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London — Gay and bisexual British men convicted over any consensual same-sex relations under now-abolished laws will be able to have their convictions removed from the public record, the government said on Tuesday.
The announcement extends a programme launched a decade ago that granted pardons to gay men convicted of “buggery”, “gross indecency” and “sodomy”. It will now cover all other convictions related to consensual same-sex sexual activity.
Home secretary Priti Patel said the move was aimed at “righting the wrongs of the past”.
“It is only right that where offences have been abolished, convictions for consensual activity between same-sex partners should be disregarded too,” Patel added in a statement.
Britain has taken a series of steps recently to address past discrimination against LGBTQI people, including in 2021 allowing dismissed gay armed forces members to apply to have medals returned.
LGBTQI legislators and campaigners said extending the pardons policy could help thousands of gay and bisexual men who have struggled to find jobs during their working lives due to having such convictions.
“It’s very important that the state recognises that as a country we did something that was wholly wrong and inappropriate,” said Michael Cashman, a member of Britain’s upper house of parliament.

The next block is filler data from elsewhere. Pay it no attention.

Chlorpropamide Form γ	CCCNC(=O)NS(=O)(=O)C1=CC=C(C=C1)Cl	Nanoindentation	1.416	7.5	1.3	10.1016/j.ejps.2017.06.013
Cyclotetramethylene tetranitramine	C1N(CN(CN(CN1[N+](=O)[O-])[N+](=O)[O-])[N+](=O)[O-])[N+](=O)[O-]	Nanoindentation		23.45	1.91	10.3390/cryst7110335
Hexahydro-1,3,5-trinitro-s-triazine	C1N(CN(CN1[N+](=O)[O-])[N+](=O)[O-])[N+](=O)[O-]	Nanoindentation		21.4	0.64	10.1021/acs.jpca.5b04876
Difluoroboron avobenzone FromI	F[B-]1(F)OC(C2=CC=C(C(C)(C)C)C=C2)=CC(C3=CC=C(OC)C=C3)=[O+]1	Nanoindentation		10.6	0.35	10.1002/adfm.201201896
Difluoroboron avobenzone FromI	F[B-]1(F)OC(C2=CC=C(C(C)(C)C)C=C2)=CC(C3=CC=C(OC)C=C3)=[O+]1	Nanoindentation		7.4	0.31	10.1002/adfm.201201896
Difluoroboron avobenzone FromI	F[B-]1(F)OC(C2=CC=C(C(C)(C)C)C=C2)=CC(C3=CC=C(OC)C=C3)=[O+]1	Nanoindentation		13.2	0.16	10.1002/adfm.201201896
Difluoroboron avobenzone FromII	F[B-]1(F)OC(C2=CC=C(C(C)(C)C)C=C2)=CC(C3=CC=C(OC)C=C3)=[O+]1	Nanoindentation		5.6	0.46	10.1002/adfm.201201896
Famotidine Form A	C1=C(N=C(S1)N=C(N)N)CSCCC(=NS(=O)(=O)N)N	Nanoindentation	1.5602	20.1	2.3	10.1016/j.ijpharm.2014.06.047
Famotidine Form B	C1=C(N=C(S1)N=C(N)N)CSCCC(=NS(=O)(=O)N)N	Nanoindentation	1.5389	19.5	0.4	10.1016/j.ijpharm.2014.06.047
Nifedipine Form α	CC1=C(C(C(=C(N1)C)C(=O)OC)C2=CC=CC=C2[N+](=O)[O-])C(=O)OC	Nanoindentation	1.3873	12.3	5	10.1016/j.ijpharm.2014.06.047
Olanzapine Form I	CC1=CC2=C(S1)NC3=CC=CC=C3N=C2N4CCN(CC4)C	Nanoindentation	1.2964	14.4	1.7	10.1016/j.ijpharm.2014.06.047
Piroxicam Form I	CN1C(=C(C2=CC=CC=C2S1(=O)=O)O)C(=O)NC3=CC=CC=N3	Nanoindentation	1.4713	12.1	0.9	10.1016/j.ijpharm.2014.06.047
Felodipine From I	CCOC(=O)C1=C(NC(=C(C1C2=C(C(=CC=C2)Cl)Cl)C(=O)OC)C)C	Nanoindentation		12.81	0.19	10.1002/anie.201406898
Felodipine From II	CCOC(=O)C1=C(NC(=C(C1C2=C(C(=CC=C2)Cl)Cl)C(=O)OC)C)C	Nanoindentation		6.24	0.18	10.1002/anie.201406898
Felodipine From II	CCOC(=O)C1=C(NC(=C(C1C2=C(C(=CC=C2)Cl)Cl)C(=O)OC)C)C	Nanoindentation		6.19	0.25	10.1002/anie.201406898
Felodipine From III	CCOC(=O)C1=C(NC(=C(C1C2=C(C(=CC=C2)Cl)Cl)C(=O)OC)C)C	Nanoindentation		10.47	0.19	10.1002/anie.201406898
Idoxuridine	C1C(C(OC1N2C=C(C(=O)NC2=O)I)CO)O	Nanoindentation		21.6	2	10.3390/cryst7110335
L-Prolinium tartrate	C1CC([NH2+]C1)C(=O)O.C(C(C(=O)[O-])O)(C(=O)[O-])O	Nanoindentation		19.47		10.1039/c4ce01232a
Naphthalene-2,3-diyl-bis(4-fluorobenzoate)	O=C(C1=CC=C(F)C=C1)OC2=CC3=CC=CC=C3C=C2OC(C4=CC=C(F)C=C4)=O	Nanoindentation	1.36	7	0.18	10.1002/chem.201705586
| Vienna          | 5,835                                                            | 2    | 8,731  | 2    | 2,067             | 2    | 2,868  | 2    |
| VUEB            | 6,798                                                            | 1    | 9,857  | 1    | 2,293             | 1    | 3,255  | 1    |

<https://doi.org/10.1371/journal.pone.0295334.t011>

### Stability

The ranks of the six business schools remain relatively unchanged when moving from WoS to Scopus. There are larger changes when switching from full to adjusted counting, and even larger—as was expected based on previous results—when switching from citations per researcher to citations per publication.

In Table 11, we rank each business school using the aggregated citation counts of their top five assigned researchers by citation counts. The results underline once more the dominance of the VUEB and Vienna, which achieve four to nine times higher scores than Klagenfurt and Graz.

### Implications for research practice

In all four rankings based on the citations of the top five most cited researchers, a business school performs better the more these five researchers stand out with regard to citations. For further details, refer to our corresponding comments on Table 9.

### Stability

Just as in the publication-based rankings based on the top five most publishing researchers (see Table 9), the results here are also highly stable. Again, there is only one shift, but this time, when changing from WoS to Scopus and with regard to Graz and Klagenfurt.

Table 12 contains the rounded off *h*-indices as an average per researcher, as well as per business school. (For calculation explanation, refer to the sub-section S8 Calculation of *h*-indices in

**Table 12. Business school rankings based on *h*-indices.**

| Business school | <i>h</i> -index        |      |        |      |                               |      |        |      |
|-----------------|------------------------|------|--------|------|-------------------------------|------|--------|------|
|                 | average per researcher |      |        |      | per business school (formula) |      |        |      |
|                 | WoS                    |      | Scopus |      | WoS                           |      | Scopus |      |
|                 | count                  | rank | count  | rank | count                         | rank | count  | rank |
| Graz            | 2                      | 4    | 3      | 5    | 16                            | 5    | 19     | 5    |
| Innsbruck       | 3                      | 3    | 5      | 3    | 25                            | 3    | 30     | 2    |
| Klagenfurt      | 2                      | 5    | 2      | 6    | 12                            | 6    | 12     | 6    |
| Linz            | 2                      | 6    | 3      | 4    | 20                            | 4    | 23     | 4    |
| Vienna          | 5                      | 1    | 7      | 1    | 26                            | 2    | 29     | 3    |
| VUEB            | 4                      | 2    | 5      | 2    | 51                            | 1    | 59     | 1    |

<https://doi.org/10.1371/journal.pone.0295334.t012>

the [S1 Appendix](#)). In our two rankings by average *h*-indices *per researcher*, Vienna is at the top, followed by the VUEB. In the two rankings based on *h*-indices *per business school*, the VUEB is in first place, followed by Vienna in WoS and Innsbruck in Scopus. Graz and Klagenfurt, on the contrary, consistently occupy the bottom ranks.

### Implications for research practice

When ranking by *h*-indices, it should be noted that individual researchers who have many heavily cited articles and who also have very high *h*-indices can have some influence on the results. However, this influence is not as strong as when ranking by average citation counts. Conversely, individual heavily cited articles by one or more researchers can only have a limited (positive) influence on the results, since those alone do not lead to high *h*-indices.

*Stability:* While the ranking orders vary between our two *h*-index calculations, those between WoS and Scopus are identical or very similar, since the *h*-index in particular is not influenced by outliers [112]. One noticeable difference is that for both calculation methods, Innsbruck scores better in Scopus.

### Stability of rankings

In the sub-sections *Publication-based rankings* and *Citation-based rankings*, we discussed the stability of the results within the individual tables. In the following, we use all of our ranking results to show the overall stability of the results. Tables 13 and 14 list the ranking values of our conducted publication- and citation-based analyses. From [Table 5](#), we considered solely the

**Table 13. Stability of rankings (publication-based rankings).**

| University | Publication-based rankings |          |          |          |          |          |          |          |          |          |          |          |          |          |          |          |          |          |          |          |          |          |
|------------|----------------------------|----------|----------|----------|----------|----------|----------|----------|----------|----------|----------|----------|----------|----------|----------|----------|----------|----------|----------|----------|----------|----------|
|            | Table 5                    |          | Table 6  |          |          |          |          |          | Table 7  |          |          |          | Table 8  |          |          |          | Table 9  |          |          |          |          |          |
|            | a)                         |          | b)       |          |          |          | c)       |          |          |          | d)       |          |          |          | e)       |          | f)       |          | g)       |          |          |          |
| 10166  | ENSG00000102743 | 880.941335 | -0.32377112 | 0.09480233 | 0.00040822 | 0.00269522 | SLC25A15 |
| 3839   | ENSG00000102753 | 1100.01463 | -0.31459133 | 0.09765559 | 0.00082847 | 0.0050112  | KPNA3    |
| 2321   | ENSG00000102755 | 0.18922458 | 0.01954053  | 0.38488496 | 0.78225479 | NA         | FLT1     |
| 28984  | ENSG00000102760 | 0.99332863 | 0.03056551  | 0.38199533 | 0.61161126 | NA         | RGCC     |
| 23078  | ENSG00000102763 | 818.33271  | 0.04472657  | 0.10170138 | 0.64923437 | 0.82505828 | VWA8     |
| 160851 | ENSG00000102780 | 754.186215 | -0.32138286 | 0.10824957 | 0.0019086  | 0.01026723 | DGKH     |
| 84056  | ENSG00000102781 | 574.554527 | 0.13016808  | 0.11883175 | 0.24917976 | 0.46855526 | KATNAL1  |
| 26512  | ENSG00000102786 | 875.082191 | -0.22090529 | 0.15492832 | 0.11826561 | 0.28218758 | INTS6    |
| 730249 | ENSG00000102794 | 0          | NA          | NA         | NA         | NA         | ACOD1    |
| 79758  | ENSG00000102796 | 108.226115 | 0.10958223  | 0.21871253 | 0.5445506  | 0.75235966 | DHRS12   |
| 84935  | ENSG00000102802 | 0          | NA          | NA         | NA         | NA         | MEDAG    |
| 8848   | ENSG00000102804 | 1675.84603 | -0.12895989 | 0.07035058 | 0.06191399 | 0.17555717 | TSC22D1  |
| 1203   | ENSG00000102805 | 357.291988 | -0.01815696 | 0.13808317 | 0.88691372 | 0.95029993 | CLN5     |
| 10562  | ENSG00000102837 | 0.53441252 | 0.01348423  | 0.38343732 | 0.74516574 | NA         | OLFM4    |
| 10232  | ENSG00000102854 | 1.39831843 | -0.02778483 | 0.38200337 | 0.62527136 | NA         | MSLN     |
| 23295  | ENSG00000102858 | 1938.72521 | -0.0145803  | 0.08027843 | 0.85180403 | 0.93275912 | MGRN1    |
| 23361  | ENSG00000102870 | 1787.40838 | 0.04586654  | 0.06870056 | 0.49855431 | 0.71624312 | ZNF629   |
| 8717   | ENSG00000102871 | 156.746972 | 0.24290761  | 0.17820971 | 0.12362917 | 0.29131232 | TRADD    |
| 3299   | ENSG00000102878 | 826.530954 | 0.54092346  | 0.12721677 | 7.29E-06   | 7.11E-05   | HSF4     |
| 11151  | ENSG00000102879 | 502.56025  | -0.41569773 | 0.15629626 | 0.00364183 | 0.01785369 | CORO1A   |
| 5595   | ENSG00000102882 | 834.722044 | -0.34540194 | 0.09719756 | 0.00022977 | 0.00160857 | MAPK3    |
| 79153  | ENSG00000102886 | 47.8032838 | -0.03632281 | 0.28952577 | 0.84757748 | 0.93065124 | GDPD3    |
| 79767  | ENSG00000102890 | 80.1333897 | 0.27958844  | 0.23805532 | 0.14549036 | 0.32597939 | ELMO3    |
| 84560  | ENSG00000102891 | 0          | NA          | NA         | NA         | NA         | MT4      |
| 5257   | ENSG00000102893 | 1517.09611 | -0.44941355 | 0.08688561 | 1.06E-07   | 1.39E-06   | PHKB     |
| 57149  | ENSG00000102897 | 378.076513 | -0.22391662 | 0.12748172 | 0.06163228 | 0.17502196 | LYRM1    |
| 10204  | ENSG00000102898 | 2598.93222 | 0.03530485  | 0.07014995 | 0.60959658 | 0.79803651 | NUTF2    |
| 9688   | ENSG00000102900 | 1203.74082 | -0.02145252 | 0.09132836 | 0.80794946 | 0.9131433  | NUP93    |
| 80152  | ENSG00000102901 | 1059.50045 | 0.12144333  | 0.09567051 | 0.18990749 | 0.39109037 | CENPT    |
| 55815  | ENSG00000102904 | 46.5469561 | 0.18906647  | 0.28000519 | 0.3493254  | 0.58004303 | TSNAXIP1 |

“It’s been a long six years of work,” Cashman, a founder of LGBTQI rights organisation Stonewall who worked on the policy with fellow House of Lords member Alistair Cooke, told the Thomson Reuters Foundation by phone.
The change will mean that gay men who were targeted by a ban on soliciting can also have convictions cleared, said Paul Johnson, an academic who worked with Cashman and Cooke.
The law was used as late as the 1980s to convict “men who sometimes did little more than chat up another man in the street”, said Johnson, executive dean of social sciences at the University of Leeds.
“The broader implication [of the expanded pardons policy] is that it draws a line once and for all under about 500 years of persecution,” he said.
Thomson Reuters Foundation
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